On this day in 1781, hundreds of captured Africans were killed aboard the British slave ship Zong. The ship had left the African coast on September 6th carrying 470 slaves, which was far more than the ship could accommodate, but Captain Luke Collingwood insisted on taking more people to maximise his profits from selling them as slaves. The horrific, cramped conditions aboard the ship led to rapidly spreading disease and malnutrition, which claimed the lives of fifty slaves and seventeen crew members. In order to prevent further deaths and to allow himself to collect insurance money on the lost slave property, Collingwood decided to throw 132 sick and dying captives overboard, beginning on November 29th. Ten of the kidnapped Africans threw themselves to their deaths in an act of defiance against Collingwood’s barbarity. Upon the Zong’s arrival in Jamaica, the ship’s owner filed an insurance claim of £4,000 for the loss of the human cargo, asserting that the ship lacked the water supplies to sustain the full crew and captives. This claim was refuted, however, as it was soon discovered that the ship had 420 gallons of water aboard. Despite the weakness of the ship owner’s claim, a Jamaican court in 1782 ruled in their favour, forcing the insurers to pay out. The insurers appealed the court’s decision, and the ensuing legal battle soon acquired a moral element, as it enflamed the growing abolitionist movement in Great Britain. The high publicity around the case, and the fact that abolitionists like Olaudah Equiano and Granville Sharp used it to further the anti-slavery cause, led to a second trial in Britain ruling in favour of the insurers. However, prevailing inhumane attitudes towards the plight of the kidnapped Africans prevented criminal charges from being brought against those responsible for the massacre. Britain’s Solicitor General flippantly rebuffed the case, claiming that as slaves are legal property, the incident is akin to as if wood had been thrown overboard. The tragic deaths of hundreds of captured Africans, and the injustice of their murderers’ reprieve, did, however, strengthen the abolitionist movement. The Zong massacre provides one the darkest symbols of the horrific Middle Passage, and paved the way for the eventual abolition of slavery across the British Empire in 1833.


August 1st 1834: Britain abolishes slavery

On this day in 1834, slavery was abolished in the British Empire as the 1833 Slavery Abolition Act came into force. Britain had dominated the Atlantic slave trade for hundreds of years, with millions of people being forcibly taken from Africa to the Americas while businessmen in Britain profited from their plight. The campaign for abolition began in the late eighteenth century, countering claims that slaves were content with the brutal reality of life aboard a slave ship and toiling in a plantation. One of the primary actors in the movement to abolish the slave trade was freed slave Olaudah Equiano, whose eloquent autobiography articulated the horrors of slavery. The slave trade was thus banned in 1807, and this was enforced by the British navy on the West African coast, but the practice continued and captains would throw slaves overboard to avoid fines. The Anti-Slavery Society was formed in 1823 to campaign for the complete abolition of slavery in the British Empire, led by the politician William Wilberforce. The abolition movement was partly fueled by humanitarian concern, but also changing economic interests, as the newly industrial Britain no longer relied on slave-based goods, and slave rebellions in Haiti and Jamaica indicated that slavery was becoming unprofitable. The 1833 act was passed by the House of Commons and the House of Lords, before receiving Royal Assent from King William IV in August; Wilberforce died three days after hearing that the bill would pass. Due to come into effect a year later, it provided for the eventual emancipation of slaves in the British Empire (they were to become ‘apprentices’ for six years before freedom), while providing £20 million (nearly £70 billion in modern currency) in compensation for slaveowners. Whilst this act ostensibly ended slavery, it did not completely eradicate the practice, as some areas of the British Empire were initially exempt and others continued to secretly sell slaves throughout the nineteenth century.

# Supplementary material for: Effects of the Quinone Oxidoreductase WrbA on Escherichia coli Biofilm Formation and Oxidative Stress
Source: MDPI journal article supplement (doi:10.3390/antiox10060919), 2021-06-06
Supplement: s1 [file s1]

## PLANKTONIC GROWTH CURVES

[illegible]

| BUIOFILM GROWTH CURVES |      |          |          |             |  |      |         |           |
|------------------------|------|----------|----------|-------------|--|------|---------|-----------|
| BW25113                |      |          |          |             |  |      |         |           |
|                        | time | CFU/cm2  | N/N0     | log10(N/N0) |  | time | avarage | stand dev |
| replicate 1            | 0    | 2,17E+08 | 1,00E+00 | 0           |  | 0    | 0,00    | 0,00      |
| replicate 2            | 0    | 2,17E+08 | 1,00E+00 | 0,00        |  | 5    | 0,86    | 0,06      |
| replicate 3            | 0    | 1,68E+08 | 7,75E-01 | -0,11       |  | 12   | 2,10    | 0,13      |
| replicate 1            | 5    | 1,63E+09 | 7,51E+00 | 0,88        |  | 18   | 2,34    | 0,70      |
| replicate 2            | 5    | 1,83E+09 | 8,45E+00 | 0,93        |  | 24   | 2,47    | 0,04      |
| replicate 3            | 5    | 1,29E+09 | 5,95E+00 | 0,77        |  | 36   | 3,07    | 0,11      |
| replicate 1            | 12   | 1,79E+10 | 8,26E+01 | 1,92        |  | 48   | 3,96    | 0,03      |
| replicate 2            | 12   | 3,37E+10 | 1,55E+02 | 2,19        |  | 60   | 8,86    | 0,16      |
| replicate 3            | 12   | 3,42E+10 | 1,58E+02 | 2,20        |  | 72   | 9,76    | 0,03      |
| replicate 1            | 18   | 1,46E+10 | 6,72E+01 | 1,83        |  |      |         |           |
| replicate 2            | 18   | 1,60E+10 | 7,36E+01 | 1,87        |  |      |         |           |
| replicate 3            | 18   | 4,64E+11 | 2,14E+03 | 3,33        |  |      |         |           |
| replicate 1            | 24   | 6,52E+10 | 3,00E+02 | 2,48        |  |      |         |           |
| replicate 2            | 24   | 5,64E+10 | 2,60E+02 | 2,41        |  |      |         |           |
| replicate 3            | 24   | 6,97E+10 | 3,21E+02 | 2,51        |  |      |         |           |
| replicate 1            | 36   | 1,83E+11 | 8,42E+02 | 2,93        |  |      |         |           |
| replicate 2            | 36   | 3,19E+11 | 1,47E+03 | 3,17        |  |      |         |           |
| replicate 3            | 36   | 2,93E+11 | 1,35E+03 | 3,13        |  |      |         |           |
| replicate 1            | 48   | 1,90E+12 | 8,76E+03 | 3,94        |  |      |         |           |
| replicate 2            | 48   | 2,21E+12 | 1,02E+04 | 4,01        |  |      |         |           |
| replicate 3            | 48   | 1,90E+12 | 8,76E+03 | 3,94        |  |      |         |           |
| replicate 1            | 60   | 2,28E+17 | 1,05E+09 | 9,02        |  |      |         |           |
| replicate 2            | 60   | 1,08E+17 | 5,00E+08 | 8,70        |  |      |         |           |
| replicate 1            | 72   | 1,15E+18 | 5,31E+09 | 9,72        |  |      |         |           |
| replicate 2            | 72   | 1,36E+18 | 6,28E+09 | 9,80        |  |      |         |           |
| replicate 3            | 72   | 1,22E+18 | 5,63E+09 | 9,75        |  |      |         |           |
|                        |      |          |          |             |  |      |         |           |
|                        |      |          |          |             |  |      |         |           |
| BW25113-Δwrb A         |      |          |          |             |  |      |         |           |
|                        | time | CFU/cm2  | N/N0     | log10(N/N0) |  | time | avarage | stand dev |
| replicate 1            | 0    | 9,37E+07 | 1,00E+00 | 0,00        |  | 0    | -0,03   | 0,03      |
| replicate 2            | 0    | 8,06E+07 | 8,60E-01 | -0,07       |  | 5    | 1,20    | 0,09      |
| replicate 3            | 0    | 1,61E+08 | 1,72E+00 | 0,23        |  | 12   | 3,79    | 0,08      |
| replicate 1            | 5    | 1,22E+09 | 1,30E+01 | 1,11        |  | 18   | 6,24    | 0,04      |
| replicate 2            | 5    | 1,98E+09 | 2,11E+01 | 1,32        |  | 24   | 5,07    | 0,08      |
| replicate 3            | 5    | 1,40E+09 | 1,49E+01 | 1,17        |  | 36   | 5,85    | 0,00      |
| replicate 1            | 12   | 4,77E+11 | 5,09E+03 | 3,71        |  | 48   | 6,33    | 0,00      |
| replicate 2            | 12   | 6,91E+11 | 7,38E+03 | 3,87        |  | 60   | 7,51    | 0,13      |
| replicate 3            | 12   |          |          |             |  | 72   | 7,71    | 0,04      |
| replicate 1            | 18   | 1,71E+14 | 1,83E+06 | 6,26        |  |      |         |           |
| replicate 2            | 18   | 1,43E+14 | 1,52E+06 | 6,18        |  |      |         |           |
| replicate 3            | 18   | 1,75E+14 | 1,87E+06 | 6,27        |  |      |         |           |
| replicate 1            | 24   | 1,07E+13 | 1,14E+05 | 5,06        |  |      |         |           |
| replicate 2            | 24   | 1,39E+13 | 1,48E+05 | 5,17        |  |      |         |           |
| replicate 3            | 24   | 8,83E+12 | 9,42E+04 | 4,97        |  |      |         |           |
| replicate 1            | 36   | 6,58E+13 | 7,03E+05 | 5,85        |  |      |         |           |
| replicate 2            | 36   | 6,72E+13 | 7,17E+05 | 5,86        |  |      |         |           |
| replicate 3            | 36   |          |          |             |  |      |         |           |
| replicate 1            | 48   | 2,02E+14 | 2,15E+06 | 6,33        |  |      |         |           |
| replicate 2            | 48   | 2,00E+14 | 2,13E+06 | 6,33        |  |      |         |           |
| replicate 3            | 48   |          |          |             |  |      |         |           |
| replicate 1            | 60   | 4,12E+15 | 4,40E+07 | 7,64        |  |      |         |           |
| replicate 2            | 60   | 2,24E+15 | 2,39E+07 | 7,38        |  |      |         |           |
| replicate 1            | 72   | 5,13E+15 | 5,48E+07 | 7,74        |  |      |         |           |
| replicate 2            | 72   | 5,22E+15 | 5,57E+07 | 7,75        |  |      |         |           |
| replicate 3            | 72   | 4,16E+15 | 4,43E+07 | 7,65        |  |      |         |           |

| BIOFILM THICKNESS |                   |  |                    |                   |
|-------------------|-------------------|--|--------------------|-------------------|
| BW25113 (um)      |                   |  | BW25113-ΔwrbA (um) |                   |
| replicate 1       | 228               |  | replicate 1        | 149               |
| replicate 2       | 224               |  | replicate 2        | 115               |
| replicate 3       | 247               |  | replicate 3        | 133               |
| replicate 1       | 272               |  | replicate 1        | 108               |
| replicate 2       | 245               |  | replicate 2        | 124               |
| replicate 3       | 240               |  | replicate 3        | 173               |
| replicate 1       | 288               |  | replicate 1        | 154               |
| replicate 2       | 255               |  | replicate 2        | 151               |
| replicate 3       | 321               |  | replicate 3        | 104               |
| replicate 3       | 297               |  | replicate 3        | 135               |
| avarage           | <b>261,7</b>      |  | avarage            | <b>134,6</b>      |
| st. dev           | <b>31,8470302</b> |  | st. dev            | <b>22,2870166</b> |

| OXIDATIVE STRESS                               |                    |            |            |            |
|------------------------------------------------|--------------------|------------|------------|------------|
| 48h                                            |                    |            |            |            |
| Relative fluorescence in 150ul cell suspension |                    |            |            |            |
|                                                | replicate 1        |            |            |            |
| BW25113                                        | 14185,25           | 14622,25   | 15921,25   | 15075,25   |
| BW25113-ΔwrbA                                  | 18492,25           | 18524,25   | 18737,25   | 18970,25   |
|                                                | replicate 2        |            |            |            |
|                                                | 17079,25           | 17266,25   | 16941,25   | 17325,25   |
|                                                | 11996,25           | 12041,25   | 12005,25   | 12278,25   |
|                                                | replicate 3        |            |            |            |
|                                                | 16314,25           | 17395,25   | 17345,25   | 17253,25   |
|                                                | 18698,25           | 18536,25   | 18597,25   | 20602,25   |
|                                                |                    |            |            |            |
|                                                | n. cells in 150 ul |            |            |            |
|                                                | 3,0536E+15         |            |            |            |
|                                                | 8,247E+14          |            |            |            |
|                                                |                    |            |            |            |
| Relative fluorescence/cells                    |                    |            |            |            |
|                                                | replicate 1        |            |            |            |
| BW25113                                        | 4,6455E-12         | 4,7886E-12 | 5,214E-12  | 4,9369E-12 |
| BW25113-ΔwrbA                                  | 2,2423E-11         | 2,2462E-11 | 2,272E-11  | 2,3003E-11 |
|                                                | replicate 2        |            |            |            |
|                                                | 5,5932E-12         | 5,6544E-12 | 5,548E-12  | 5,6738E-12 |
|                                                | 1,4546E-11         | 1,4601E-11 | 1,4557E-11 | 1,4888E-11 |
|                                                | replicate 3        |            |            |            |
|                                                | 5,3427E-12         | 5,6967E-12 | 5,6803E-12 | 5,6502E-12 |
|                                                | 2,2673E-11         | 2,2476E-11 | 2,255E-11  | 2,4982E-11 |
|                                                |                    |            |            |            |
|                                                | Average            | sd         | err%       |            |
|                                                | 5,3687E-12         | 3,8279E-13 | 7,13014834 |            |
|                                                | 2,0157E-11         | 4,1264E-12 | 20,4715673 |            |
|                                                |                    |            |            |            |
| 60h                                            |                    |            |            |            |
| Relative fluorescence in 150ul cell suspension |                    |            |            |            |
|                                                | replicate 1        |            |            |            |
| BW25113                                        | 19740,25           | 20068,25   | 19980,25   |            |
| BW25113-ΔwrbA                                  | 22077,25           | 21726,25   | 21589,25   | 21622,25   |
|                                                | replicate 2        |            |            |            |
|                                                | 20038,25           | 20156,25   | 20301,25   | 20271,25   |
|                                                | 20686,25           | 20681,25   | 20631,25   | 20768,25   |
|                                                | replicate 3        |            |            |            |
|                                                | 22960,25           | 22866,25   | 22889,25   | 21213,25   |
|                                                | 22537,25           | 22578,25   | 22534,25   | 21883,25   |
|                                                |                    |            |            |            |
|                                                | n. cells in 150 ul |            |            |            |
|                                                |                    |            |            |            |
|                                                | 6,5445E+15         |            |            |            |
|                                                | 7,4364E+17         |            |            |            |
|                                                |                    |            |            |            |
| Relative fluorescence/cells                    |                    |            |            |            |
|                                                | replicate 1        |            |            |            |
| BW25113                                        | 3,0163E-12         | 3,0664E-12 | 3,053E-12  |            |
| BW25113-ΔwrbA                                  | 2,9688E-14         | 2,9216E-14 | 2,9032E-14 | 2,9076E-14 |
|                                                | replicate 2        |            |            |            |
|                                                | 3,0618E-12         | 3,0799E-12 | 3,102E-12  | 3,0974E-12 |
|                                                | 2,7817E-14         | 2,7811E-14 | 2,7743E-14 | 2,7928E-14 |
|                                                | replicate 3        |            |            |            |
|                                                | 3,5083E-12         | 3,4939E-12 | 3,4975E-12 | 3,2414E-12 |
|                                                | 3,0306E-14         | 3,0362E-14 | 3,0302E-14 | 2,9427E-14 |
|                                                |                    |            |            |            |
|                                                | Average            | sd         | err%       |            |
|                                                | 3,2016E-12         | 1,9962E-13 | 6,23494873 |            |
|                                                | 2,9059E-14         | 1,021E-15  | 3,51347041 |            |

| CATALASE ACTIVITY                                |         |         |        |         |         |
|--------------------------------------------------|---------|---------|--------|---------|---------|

Santería: Religion, Food & Community

The people of Yoruba (originally from Nigeria) brought their mythology and traditions to New World during the slave trade. As slaves, they were forced to believe in Christianity, however rather than dismissing their own beliefs, they merged the two. With this combination, Santería was born.

This video is a very fascinating look into the religion of Santería. The religion is often met with shock due to its animal sacrifices. As a result, Santeras choose to stay quiet about their beliefs and practices. From what I’ve gathered, it seems that the secretive lifestyle has led to stronger relationships with the Orishas. Rather than telling everyone else about their religion, more time is spent on the actual spiritual growth, making it very personal journey.

[via Munchies]

Be a light. mx
This Haunting Animation Maps the Journeys of 15,790 Slave Ships in Two Minutes
Usually, when we say “American slavery” or the “American slave trade,” we mean the American colonies or, later, the United States. But as we discussed ...

When talking about the American slave trade (or the Atlantic slave trade) it’s important to remember that it was a global trade. This Slate interactive map shows the spread of the slave trade as well as major destinations for the inbound slave ships.